It is safe to have the pertussis vaccine while pregnant?

DEAR DOCTOR K:

I am pregnant. My doctor wants me to have a pertussis vaccine. Why? And is this safe?

DEAR READER:

Pertussis, also known as whooping cough, is a highly contagious bacterial infection that causes violent coughing. The coughing makes it hard to breathe and produces a deep “whooping” sound. Pertussis bacteria spread through droplets that move through the air when an infected person sneezes, coughs or talks.

Pertussis can occur at any age, but serious illness is most common in infants and young children. Pertussis can even lead to death in very young babies.

All infants should be protected against whooping cough. But infants 0 to 6 weeks old are too young to get the pertussis vaccine. A new review by a panel of experts, published in the journal Pediatrics, found that vaccinating women while they are pregnant is the best way to protect newborns against whooping cough.

The panel recommended that all pregnant women should get the Tdap vaccine (which protects against tetanus, diphtheria and pertussis) during the last three months of pregnancy. In fact, your obstetrician should routinely recommend the Tdap vaccine to you each time you are pregnant.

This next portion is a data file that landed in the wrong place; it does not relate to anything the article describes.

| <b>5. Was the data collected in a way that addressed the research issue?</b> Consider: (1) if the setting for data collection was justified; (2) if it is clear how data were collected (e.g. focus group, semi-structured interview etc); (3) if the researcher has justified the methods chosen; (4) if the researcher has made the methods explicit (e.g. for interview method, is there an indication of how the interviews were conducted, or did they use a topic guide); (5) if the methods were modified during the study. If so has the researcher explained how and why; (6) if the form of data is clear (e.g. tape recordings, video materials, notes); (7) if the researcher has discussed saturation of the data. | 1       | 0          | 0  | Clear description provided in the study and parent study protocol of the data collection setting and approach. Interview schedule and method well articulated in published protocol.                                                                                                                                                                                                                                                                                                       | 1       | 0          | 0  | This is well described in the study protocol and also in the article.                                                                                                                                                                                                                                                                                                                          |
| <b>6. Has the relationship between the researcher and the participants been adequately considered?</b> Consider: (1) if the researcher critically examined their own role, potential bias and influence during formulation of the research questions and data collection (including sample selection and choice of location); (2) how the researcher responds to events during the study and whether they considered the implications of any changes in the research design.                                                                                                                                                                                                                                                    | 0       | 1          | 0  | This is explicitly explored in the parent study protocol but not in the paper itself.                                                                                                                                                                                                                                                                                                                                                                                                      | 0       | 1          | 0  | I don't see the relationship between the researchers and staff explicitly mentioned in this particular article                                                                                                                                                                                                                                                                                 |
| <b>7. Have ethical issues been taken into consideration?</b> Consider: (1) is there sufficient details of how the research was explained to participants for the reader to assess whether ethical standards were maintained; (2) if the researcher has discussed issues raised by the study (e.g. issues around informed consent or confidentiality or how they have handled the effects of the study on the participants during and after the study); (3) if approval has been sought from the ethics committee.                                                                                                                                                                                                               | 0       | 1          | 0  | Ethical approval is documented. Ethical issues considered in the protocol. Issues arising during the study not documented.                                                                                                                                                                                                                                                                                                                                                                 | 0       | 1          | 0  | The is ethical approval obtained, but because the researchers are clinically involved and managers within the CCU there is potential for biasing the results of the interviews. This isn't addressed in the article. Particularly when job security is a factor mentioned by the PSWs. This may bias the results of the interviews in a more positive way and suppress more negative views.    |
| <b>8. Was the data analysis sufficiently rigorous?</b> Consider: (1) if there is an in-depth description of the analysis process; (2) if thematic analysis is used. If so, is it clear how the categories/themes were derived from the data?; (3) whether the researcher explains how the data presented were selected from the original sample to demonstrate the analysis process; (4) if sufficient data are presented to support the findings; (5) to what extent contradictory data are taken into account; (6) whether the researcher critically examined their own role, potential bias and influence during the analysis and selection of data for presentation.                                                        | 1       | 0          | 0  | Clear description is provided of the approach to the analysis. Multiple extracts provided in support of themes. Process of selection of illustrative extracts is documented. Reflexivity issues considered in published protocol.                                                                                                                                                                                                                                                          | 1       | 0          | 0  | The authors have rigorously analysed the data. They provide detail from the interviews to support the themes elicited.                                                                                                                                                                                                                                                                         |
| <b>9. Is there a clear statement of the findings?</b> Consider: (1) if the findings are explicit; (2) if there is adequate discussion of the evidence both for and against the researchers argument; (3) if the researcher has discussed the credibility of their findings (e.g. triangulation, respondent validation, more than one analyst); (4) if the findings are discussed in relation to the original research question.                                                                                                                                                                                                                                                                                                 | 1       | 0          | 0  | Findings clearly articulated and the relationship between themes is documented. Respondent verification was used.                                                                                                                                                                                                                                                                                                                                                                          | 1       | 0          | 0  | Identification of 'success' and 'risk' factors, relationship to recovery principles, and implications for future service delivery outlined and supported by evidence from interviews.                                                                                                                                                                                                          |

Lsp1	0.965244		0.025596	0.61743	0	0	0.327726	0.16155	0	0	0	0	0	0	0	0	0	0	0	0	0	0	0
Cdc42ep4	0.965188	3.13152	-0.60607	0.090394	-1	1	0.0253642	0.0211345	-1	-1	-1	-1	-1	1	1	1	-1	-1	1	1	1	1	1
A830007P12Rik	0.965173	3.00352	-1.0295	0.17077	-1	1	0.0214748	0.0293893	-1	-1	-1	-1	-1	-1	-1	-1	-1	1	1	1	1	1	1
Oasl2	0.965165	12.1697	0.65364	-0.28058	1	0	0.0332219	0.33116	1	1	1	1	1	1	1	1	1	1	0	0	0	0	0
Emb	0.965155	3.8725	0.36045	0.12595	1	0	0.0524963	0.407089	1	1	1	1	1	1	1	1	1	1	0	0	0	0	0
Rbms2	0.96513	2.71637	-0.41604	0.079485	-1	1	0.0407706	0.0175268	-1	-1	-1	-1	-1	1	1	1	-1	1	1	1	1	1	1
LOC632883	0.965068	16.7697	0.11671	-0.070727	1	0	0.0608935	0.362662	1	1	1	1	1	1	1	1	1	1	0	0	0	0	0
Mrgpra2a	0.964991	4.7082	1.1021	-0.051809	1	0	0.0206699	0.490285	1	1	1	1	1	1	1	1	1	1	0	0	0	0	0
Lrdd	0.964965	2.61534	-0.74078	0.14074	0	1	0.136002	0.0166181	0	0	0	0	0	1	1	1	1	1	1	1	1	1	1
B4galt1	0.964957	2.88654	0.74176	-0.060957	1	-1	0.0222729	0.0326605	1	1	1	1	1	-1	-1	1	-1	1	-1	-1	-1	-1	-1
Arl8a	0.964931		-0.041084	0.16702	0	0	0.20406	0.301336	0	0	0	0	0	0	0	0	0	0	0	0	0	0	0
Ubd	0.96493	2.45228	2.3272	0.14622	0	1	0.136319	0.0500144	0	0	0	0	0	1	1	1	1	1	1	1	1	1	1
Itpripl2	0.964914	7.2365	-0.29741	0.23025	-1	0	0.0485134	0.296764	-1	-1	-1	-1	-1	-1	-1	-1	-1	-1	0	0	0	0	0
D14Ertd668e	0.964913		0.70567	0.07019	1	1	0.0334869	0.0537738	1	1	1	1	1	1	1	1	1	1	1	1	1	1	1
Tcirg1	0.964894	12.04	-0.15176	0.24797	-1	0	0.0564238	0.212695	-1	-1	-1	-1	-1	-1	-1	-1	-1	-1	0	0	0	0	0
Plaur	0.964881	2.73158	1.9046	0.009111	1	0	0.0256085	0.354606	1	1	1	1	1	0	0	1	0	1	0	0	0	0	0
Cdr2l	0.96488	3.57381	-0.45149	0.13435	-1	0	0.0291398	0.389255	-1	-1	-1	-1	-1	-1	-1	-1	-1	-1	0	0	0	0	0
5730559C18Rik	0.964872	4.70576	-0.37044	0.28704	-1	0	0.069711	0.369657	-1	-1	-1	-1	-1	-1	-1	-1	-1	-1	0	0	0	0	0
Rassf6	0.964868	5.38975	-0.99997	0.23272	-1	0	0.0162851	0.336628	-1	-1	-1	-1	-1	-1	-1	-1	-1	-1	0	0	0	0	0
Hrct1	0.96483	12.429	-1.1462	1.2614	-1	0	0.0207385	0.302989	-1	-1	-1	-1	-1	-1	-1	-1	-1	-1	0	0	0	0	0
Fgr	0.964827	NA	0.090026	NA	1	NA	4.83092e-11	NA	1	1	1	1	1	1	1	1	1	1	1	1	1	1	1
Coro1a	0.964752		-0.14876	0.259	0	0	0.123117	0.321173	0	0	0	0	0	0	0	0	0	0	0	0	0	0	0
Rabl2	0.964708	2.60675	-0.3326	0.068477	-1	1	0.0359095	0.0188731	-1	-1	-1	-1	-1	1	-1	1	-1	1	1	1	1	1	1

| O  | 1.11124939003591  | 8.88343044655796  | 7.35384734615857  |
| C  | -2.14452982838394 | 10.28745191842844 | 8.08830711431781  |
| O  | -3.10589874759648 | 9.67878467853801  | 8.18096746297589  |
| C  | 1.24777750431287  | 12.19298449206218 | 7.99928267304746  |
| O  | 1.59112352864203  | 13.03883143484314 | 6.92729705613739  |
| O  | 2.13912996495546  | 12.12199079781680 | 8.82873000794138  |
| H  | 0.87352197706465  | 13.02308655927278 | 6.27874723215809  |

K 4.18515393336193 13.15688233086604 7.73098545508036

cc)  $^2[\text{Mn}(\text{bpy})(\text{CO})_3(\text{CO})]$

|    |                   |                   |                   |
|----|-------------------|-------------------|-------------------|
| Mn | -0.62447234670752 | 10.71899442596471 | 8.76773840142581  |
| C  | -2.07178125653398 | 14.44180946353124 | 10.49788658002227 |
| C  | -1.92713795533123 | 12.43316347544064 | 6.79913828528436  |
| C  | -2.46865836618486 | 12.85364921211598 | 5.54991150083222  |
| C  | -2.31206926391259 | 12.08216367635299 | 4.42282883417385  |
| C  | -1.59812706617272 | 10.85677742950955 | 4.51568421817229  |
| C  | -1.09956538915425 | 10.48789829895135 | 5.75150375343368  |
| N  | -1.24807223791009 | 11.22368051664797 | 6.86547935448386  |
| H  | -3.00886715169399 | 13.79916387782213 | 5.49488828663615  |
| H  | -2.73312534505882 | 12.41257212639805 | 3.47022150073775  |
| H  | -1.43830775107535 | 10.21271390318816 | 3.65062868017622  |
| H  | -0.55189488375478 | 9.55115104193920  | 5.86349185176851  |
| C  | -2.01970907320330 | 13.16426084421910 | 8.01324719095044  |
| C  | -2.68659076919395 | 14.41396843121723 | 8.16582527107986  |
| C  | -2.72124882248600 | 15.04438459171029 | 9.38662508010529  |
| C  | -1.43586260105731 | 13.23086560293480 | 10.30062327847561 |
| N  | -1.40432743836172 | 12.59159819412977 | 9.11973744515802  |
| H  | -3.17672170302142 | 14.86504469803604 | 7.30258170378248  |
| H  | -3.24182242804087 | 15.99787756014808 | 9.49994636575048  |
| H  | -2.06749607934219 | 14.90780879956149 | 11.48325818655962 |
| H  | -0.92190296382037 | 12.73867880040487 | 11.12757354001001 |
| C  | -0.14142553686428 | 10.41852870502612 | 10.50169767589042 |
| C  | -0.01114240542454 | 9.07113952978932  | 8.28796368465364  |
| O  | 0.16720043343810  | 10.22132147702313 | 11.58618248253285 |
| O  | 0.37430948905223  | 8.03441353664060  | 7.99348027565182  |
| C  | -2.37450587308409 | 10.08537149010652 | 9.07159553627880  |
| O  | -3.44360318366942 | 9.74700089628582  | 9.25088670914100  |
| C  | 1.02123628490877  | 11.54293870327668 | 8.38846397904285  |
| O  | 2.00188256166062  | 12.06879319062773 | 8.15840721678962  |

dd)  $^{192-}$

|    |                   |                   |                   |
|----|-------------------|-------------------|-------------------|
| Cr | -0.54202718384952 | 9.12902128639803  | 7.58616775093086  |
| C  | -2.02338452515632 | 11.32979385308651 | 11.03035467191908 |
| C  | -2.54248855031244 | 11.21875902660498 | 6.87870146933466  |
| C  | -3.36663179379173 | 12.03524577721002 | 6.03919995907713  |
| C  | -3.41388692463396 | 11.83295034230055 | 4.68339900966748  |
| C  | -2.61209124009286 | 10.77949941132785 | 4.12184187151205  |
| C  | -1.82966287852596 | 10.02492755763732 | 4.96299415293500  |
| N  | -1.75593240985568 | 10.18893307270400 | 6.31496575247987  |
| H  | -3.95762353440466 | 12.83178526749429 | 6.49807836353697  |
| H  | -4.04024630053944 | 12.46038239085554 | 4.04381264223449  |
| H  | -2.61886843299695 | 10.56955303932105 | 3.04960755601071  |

When a pregnant woman gets the Tdap vaccine, it tells her immune system to make antibodies that protect her from getting whooping cough. She passes on these antibodies to her baby at birth. This gives her newborn protection against whooping cough.

However, the mother’s antibodies against pertussis don’t last many months. That’s why the baby should get the pertussis vaccine as soon as it is safe. I describe the immunization schedule for babies below.

For a pregnant woman, receiving the Tdap vaccine is known to be safe. Women who get the vaccine show no increase in problems with the birth or the newborn.

It is also important that the other parent, caregivers and anyone else who will be in close contact with the baby get one dose of the Tdap vaccine when the mother is pregnant. This is called cocooning. This approach surrounds the infant with people who all have been vaccinated. If the people in contact with the baby are protected from catching pertussis, then the baby won’t get pertussis from them.

Your baby should get the DTaP vaccine when he or she is old enough. (DTaP is the pertussis vaccine for children under 7 years of age. Tdap is the pertussis vaccine for anyone 7 years of age and older.) Your child should get the vaccine at the following ages:

  • 2 months
  • 4 months
  • 6 months
  • 12 to 18 months
  • 4 to 6 years

These shots will help your child’s immune system to develop his or her own protection. Many of my patients think of whooping cough as a disease of the past. While it is true that whooping cough is less common today than in the past, it still is a threat — to you and to your baby.